Sandy Simon in her California studio. Working with a Grolleg-based porcelain, this Midwest-trained potter decorates thrown, altered forms with brightly colored slips and stain-colored frit/clay “rocks.”
“Obsidian,” porcelain teapot, 13 inches in height, handbuilt from paper-thin slabs, fired to Cone 10 in a charcoal-filled saggar, by Phil Cornelius.
Canadian ceramist David Taylor in his Dayspring, Nova Scotia, studio. Initially trained as a painter, he still acknowledges that connection in his clay work, utilizing a palette of slips and glazes to build depth and color on surfaces.
Stoneware mold, 8 inches in diameter, Northern Song dynasty China (A.D. 960-1127). Used in producing celadon-glazed bowls with “carved” interiors, these molds were formed by pushing clay into a master, then firing for stability. The underside of this mold is roughly finished, but others were more refined, and look like thickly thrown bowls.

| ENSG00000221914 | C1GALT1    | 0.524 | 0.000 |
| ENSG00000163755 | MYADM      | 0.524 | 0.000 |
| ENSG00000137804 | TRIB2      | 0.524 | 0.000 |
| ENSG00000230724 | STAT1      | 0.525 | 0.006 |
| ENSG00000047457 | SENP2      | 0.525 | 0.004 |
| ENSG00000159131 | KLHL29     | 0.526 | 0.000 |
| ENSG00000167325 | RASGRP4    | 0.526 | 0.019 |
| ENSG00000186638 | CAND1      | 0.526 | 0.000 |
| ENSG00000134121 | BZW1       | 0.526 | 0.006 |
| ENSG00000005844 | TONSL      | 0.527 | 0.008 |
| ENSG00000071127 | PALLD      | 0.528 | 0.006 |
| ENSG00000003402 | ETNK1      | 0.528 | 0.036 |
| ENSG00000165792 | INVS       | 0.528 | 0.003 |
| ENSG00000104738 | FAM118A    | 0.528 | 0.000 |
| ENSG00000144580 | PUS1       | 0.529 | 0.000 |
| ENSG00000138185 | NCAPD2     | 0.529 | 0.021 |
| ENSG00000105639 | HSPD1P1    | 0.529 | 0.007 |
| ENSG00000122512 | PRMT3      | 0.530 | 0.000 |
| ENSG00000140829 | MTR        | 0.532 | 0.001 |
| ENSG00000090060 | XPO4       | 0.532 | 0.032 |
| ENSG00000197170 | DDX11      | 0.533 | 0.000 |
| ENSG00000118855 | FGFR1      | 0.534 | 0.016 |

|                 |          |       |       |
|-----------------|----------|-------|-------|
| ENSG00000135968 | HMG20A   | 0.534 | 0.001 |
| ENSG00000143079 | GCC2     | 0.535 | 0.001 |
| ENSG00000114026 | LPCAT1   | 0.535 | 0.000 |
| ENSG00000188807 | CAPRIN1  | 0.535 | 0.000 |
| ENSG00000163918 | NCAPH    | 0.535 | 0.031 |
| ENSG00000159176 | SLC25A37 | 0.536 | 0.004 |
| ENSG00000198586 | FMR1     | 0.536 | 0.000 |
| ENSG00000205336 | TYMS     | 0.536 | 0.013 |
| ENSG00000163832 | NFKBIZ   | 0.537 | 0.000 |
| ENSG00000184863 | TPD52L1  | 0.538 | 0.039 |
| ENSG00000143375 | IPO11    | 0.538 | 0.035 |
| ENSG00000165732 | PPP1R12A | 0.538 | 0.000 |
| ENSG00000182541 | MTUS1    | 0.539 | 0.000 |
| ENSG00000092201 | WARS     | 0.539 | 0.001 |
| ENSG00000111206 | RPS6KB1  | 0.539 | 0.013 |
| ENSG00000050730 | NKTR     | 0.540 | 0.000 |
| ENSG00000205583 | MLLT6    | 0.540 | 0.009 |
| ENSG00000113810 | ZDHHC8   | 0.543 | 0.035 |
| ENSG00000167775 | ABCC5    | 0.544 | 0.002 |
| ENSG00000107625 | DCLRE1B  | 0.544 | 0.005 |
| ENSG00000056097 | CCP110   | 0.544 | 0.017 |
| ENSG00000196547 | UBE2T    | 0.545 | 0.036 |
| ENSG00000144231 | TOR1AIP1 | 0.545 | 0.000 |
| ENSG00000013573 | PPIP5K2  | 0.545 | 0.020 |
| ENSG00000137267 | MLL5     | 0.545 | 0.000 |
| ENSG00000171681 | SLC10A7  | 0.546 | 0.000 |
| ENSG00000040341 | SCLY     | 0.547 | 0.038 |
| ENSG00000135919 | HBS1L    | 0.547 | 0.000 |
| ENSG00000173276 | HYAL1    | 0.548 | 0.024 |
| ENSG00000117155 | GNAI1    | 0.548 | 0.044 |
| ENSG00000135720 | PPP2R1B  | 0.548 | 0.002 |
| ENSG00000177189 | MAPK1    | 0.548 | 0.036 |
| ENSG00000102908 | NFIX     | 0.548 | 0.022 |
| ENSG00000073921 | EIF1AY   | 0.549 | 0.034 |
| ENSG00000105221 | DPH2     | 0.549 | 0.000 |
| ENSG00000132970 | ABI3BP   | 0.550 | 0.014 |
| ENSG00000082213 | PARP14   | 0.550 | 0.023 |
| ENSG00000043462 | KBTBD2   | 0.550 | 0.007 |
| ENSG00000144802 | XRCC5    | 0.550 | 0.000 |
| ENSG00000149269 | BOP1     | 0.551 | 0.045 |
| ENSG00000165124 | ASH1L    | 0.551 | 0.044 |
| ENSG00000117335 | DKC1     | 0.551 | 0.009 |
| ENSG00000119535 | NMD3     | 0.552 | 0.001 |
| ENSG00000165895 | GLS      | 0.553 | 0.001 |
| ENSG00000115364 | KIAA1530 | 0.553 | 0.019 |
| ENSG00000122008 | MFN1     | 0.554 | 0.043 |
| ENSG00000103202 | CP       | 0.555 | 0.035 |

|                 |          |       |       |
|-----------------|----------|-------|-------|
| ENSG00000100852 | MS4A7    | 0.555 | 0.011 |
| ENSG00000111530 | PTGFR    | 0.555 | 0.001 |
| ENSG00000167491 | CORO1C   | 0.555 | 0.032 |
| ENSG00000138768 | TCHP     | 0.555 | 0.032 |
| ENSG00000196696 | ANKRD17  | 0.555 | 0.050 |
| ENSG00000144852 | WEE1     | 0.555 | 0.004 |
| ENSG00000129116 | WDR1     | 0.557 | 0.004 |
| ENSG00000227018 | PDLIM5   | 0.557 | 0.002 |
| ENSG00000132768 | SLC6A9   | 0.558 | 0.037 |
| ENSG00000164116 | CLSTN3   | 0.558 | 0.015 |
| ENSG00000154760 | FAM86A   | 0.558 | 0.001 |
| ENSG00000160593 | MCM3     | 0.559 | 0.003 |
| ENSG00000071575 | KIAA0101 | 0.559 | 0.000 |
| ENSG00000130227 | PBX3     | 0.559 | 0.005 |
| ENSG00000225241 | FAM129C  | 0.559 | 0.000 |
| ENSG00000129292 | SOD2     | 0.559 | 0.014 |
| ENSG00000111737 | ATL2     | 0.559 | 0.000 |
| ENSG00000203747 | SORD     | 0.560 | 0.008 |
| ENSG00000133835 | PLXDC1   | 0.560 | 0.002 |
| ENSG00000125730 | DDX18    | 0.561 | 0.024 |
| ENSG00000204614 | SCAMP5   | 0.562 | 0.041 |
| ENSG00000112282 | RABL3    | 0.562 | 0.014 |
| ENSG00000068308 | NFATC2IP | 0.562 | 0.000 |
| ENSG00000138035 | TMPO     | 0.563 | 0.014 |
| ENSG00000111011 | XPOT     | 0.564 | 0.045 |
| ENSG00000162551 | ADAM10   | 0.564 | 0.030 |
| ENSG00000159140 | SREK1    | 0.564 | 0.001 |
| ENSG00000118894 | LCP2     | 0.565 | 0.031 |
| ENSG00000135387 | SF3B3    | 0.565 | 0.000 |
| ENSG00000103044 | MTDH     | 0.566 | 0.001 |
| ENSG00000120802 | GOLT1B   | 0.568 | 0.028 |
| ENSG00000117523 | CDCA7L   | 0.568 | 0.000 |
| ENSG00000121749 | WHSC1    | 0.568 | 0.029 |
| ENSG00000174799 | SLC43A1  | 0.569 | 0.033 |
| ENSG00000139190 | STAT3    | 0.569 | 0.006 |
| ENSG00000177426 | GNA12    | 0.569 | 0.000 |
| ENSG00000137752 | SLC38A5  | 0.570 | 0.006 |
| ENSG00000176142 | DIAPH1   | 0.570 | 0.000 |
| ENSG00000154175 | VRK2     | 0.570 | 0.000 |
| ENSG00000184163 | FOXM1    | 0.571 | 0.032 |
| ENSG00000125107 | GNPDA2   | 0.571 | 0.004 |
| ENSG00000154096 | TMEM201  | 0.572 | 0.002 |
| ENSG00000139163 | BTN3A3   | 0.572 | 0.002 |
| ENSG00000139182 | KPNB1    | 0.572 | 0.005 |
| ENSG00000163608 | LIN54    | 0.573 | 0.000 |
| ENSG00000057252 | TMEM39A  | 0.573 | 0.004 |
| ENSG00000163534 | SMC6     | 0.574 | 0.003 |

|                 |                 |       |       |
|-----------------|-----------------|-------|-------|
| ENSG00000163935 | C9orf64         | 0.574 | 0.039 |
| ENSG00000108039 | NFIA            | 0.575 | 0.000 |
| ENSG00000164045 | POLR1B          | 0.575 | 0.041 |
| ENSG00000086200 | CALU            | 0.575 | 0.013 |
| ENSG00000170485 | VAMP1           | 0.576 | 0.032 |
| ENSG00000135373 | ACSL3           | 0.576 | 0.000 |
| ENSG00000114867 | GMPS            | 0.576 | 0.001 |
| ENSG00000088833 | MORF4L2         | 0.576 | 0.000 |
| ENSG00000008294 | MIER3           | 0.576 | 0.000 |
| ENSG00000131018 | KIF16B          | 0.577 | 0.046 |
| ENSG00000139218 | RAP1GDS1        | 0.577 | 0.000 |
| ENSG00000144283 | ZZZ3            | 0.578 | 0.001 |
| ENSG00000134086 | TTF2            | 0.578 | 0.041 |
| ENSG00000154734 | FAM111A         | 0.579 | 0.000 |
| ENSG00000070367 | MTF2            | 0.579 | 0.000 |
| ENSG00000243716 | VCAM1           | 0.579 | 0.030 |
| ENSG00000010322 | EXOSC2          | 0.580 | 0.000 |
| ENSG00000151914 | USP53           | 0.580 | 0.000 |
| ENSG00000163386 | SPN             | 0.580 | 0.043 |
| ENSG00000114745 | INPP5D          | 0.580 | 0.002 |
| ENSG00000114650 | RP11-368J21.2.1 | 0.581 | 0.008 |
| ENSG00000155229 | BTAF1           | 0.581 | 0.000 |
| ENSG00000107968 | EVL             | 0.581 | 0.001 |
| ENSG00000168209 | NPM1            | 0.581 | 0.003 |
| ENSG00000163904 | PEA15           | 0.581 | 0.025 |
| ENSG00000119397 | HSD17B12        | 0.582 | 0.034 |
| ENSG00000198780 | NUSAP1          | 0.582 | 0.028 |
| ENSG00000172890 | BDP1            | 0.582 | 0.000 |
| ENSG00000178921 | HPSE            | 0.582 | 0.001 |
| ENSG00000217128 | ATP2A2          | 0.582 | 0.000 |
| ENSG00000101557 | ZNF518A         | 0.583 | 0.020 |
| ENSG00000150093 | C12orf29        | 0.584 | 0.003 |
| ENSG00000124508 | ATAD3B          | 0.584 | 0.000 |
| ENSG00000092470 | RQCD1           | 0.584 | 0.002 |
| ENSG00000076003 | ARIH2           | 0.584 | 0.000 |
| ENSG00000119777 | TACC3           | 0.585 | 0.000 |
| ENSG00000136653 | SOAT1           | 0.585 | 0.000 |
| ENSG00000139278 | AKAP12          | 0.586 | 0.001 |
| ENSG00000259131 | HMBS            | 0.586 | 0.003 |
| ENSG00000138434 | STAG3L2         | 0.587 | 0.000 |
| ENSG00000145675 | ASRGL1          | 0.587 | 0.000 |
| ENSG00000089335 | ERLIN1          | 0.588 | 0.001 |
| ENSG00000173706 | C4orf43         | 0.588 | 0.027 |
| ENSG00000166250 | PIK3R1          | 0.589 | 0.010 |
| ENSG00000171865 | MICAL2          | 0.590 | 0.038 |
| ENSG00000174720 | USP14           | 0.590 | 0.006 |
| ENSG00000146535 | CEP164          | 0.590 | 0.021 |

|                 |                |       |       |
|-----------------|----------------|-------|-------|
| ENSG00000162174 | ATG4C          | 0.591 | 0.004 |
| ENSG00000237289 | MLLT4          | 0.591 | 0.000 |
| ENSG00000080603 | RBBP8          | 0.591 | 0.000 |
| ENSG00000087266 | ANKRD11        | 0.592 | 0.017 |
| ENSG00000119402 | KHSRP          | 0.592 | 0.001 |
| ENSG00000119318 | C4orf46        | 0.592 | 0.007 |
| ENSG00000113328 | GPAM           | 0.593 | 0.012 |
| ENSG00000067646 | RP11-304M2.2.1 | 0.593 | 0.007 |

Handbuilt bowl, 8.5 inches in height, raku-fired earthenware, with glaze and stain decoration, by Peder Rasmussen of Denmark.
“Two Fishes and a Shadow,” handbuilt platter, 11 inches in diameter, with cardboard impressions, slips and sprinkled raw materials, soda-vapor glazed in a heavily reducing atmosphere at Cone 6, by Canadian potter John Chalke.
“Cane Horses,” thrown Cone 10 porcelain, 20 inches in height, with china paint, by Jenny Lind.
Covered jar, 8.5 inches in height, wheel-thrown porcelain, incised, applied clay, apple ash glaze, with fake ash glaze over resist and glaze-trailed dots, by Tom Turner.
On the cover, Arnold Zimmerman’s studio. This Brooklyn ceramist builds forms from thick coils, then deeply carves and shapes them.